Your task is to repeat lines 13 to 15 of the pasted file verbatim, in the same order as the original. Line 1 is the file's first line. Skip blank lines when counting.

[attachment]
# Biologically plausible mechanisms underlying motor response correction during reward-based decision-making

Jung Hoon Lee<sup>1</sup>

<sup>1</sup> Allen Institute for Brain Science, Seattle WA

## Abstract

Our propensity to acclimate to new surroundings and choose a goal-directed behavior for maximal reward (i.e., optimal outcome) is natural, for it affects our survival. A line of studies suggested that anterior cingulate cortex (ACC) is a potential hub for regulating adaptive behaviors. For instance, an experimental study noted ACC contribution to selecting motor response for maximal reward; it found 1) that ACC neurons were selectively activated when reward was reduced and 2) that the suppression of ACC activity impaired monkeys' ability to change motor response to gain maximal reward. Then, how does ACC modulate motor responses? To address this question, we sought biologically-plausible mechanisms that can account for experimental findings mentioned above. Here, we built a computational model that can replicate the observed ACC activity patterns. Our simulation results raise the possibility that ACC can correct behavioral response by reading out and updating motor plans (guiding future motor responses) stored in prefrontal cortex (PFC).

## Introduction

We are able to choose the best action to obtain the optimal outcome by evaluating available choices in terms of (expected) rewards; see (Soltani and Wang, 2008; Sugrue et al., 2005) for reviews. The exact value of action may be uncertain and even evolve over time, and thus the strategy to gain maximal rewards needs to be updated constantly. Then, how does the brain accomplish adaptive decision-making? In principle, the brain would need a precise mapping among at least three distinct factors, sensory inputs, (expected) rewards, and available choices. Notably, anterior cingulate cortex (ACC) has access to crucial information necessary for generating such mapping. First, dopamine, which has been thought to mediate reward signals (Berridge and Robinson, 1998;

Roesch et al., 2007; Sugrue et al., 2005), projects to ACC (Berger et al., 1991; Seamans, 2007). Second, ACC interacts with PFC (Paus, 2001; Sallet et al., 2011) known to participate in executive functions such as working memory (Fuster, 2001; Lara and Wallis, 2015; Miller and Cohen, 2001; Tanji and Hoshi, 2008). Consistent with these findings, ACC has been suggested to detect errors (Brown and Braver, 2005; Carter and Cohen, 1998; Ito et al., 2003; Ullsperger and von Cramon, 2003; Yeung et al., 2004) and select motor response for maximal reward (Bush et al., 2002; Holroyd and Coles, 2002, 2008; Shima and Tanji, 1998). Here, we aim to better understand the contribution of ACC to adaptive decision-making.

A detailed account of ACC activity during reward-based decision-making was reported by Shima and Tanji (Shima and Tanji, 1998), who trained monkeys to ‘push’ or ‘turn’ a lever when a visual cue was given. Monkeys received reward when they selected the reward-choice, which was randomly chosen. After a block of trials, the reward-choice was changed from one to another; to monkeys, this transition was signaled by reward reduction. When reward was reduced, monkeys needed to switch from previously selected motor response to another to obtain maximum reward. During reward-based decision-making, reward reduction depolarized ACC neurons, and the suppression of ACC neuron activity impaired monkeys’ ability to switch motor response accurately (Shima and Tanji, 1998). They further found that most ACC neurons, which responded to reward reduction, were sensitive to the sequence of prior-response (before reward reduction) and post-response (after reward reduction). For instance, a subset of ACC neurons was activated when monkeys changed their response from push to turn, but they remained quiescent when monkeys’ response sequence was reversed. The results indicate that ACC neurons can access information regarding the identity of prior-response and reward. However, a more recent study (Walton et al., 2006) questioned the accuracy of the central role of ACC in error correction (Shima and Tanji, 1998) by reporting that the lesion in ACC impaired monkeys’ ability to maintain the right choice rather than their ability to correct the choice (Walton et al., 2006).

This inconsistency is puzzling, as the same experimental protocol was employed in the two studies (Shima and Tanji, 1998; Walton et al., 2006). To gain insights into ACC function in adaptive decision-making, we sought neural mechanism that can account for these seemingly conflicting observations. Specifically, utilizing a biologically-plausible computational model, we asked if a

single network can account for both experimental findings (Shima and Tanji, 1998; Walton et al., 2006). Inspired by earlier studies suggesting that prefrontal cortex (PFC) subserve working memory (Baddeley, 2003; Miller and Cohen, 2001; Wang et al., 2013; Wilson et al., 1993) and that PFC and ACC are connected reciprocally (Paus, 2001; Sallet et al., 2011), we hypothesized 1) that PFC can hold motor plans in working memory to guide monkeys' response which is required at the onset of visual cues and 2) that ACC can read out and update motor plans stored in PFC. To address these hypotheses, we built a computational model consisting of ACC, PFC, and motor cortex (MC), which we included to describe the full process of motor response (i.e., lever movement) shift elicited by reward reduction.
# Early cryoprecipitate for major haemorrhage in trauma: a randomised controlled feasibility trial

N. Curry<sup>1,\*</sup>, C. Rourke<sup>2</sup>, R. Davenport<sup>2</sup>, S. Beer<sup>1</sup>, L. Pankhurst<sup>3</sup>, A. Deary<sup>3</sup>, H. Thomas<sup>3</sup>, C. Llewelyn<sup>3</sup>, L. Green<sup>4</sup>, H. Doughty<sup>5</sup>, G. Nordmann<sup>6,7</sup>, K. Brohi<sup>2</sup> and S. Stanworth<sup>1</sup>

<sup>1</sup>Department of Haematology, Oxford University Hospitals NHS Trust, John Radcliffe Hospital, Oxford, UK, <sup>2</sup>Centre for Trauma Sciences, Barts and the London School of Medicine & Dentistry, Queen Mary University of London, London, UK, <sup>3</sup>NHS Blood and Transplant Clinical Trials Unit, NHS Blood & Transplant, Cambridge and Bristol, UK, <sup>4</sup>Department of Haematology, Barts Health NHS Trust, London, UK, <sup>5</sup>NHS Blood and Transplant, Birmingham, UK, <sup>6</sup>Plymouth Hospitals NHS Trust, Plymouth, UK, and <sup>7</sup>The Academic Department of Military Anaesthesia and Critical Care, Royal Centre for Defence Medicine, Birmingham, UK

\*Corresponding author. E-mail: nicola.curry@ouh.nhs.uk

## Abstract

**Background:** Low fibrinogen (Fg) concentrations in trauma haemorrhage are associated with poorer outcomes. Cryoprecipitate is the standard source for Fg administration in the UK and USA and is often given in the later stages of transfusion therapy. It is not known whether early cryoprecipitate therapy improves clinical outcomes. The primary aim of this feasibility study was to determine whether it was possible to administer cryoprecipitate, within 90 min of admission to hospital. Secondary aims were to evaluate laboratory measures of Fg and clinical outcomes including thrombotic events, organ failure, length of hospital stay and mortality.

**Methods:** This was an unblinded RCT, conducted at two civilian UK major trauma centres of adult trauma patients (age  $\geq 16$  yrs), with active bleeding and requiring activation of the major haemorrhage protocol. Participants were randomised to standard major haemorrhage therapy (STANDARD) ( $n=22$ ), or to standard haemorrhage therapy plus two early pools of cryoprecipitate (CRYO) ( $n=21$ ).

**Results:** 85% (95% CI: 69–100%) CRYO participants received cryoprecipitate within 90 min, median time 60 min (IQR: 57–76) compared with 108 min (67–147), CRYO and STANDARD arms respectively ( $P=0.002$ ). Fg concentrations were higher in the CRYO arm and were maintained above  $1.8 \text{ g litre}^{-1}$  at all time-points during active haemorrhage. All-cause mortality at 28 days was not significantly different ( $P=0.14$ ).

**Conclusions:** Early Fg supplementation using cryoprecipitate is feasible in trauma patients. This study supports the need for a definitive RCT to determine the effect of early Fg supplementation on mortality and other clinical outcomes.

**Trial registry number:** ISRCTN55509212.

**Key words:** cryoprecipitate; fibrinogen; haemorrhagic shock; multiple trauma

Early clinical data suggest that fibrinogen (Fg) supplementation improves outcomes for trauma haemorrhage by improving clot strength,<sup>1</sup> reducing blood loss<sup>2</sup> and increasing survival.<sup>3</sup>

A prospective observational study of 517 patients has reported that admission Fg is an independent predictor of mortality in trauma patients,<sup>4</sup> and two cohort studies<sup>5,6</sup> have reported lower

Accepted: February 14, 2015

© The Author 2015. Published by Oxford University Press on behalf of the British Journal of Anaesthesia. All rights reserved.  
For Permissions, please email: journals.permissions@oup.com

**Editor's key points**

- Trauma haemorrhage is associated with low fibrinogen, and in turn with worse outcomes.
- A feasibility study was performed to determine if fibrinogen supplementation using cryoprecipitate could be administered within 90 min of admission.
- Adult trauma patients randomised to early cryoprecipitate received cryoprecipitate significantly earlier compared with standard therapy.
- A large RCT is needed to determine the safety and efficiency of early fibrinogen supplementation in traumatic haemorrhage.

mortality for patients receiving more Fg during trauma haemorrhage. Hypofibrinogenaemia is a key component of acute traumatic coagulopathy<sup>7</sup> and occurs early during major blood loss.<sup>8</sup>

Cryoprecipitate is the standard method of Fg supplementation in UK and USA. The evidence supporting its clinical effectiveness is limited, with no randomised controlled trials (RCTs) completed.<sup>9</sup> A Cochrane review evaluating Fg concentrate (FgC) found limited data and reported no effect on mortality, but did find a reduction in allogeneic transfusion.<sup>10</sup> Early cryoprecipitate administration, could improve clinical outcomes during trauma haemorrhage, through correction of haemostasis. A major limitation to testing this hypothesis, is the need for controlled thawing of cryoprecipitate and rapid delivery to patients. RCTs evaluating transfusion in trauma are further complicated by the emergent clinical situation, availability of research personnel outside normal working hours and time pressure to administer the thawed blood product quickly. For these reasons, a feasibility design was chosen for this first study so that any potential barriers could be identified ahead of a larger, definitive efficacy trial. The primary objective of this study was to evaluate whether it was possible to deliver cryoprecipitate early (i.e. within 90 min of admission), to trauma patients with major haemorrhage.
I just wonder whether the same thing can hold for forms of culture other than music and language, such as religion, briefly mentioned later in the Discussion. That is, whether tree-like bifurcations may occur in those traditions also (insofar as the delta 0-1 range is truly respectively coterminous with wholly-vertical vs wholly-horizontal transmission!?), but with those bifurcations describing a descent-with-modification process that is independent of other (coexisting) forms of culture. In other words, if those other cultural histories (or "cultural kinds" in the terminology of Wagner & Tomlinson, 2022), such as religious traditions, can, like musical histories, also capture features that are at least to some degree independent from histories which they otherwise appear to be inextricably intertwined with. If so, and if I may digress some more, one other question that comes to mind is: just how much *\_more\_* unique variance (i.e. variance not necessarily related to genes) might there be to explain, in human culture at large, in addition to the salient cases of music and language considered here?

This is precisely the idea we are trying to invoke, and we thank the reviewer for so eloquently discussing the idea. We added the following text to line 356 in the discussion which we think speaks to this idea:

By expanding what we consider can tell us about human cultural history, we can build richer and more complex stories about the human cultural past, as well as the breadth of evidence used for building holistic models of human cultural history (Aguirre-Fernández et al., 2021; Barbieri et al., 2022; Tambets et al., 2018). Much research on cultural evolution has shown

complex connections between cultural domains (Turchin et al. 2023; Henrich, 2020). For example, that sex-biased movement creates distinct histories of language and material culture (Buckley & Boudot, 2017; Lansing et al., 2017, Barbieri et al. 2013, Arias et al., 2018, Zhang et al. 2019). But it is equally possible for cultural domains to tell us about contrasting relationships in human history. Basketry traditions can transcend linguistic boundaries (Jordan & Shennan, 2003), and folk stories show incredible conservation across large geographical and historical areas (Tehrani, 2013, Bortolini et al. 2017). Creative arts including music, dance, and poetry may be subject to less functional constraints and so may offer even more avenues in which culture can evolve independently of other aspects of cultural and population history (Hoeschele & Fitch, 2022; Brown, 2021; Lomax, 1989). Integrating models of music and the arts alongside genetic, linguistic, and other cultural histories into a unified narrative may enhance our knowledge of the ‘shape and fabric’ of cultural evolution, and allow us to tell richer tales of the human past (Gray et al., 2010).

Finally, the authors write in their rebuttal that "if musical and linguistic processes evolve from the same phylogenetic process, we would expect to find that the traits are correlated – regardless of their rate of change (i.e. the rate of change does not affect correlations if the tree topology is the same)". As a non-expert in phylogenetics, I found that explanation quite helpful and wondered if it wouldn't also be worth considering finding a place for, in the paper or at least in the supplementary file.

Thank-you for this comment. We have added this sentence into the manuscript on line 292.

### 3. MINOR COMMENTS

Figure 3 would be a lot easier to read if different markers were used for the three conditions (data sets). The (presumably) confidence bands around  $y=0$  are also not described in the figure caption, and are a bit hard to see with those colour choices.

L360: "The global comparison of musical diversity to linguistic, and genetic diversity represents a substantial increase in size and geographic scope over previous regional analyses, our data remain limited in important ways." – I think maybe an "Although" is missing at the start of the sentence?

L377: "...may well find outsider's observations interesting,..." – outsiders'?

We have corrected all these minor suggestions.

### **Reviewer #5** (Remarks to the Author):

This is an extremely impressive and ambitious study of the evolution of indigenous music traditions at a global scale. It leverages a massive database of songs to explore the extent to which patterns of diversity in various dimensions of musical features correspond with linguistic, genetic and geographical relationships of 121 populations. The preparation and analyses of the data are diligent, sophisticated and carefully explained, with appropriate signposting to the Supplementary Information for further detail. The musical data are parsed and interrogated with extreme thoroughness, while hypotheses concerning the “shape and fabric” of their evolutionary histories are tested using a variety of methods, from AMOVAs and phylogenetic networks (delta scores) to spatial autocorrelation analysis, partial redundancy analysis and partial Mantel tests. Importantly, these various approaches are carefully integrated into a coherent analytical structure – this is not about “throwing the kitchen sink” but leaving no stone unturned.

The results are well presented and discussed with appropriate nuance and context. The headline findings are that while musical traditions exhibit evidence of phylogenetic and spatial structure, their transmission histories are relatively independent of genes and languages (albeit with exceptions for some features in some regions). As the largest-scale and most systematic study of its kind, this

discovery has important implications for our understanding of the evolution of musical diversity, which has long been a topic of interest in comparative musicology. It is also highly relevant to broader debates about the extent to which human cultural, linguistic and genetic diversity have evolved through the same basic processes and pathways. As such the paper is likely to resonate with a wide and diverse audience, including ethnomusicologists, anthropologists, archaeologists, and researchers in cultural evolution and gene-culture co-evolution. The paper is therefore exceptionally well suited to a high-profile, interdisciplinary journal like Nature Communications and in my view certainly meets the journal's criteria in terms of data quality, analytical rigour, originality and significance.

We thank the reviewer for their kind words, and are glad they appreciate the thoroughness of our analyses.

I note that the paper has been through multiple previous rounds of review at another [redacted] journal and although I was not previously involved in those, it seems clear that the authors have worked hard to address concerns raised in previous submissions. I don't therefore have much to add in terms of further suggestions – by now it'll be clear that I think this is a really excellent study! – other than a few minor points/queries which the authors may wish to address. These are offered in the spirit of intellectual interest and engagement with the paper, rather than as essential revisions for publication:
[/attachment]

N. Curry<sup>1,\*</sup>, C. Rourke<sup>2</sup>, R. Davenport<sup>2</sup>, S. Beer<sup>1</sup>, L. Pankhurst<sup>3</sup>, A. Deary<sup>3</sup>, H. Thomas<sup>3</sup>, C. Llewelyn<sup>3</sup>, L. Green<sup>4</sup>, H. Doughty<sup>5</sup>, G. Nordmann<sup>6,7</sup>, K. Brohi<sup>2</sup> and S. Stanworth<sup>1</sup>

<sup>1</sup>Department of Haematology, Oxford University Hospitals NHS Trust, John Radcliffe Hospital, Oxford, UK, <sup>2</sup>Centre for Trauma Sciences, Barts and the London School of Medicine & Dentistry, Queen Mary University of London, London, UK, <sup>3</sup>NHS Blood and Transplant Clinical Trials Unit, NHS Blood & Transplant, Cambridge and Bristol, UK, <sup>4</sup>Department of Haematology, Barts Health NHS Trust, London, UK, <sup>5</sup>NHS Blood and Transplant, Birmingham, UK, <sup>6</sup>Plymouth Hospitals NHS Trust, Plymouth, UK, and <sup>7</sup>The Academic Department of Military Anaesthesia and Critical Care, Royal Centre for Defence Medicine, Birmingham, UK

\*Corresponding author. E-mail: nicola.curry@ouh.nhs.uk